- Staff Accounting Bulletin No. 118, which provides guidance regarding the application of U.S. generally accepted accounting principles when preparing an initial accounting of the income tax effects of the Tax Cuts and Jobs Act and provides an accommodation for companies unable to assess the full effects of the Act during a financial reporting period.
Click here for our memorandum on the SEC’s guidance.
U.S. Supreme Court Confirms State Court Jurisdiction over Securities Act Class Actions
On March 20, the U.S. Supreme Court held that the Securities Litigation Uniform Standards Act of 1998 (“SLUSA”) does not divest state courts of jurisdiction over class actions asserting claims under the Securities Act of 1933. The Court’s decision in Cyan, Inc. v. Beaver County Employees Retirement Fund, which resolved a disagreement among the lower courts, ruled that the language of the statute did not alter the historical scheme granting concurrent jurisdiction over claims under the Securities Act to state courts. In addition, the Court held that SLUSA did not alter the bar on removal of cases under the Securities Act from state to federal court. In light of this decision, we expect that shareholders will continue to file class actions asserting only claims under the Securities Act in state courts across the country. Click here for our memorandum on the decision.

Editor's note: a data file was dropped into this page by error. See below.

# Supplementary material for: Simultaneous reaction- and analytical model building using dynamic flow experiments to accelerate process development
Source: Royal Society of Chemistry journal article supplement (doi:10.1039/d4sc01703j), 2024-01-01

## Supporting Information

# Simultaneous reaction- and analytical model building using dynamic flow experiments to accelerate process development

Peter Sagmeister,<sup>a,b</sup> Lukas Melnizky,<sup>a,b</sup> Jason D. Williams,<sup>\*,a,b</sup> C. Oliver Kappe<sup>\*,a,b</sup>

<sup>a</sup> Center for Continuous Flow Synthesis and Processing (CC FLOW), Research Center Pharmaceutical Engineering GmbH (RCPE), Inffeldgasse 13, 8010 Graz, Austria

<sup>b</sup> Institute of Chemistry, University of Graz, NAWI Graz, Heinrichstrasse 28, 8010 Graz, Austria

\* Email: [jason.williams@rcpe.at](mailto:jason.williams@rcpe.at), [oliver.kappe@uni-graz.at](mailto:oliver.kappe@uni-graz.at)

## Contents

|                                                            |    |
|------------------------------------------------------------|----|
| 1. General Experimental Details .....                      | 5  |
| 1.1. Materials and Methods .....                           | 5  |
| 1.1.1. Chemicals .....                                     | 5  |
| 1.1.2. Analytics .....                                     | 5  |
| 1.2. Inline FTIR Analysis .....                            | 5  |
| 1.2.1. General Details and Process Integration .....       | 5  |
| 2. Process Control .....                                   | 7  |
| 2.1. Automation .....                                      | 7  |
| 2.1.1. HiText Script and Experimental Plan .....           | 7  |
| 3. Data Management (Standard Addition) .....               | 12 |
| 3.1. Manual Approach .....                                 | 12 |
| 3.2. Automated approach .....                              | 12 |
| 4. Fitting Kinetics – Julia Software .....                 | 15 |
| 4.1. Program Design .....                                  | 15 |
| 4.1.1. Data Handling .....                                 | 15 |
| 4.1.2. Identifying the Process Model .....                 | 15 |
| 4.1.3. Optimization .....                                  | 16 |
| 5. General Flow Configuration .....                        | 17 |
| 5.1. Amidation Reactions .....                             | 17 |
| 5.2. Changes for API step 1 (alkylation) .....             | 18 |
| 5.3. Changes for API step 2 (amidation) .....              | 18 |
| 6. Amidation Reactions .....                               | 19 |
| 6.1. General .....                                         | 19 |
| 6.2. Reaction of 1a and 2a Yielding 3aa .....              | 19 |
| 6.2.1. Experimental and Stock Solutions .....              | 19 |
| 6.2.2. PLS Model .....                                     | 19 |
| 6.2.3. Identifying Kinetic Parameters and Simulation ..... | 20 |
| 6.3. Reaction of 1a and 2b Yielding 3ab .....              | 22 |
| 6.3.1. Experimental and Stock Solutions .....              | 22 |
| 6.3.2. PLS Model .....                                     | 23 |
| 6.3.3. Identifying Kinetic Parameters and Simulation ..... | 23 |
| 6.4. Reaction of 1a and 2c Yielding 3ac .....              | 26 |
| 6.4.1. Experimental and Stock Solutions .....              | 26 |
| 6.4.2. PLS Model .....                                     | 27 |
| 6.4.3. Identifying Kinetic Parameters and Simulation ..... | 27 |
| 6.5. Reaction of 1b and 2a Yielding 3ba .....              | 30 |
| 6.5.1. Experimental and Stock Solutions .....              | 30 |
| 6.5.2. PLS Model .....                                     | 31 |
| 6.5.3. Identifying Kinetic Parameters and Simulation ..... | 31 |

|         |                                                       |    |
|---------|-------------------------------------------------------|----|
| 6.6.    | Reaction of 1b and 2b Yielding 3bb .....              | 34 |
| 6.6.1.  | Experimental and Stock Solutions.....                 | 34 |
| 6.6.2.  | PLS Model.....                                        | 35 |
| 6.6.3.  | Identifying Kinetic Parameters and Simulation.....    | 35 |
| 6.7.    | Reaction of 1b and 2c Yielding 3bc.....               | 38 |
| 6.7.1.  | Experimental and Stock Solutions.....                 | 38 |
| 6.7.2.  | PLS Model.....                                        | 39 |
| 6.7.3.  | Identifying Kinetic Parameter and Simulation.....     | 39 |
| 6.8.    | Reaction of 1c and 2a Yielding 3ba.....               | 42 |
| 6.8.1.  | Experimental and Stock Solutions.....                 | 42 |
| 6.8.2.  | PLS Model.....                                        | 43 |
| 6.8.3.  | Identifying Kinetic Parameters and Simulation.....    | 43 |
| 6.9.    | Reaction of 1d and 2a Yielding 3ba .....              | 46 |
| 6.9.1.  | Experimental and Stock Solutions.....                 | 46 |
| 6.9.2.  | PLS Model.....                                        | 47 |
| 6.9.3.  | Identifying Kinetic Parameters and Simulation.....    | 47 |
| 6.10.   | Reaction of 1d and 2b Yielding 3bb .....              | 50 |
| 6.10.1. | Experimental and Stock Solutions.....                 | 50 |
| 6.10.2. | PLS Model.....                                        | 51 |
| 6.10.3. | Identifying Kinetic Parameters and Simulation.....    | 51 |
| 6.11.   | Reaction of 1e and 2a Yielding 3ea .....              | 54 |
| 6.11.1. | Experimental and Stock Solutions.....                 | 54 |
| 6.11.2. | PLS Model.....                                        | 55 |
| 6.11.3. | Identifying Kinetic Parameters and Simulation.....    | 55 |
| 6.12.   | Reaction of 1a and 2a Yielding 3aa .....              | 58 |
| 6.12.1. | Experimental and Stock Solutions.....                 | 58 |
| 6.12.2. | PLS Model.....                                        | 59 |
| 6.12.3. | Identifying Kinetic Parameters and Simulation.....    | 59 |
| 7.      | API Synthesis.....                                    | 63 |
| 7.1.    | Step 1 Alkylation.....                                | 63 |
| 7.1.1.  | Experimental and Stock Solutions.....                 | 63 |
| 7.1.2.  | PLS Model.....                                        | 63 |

Commissioners Jackson and Peirce Sworn in, Commissioner Piwowar to Step Down
On January 11, Robert Jackson and Hester Peirce were sworn into office as SEC Commissioners. Michael Piwowar, a Republican Commissioner who has been a frequent critic of post-crisis regulations and helped quash some rules embraced by Democrats, announced that he plans to leave the agency in July. The vacancy could leave the Commission temporarily deadlocked on controversial rulemakings. Democrat Kara Stein’s term ended last year, although she can remain until December.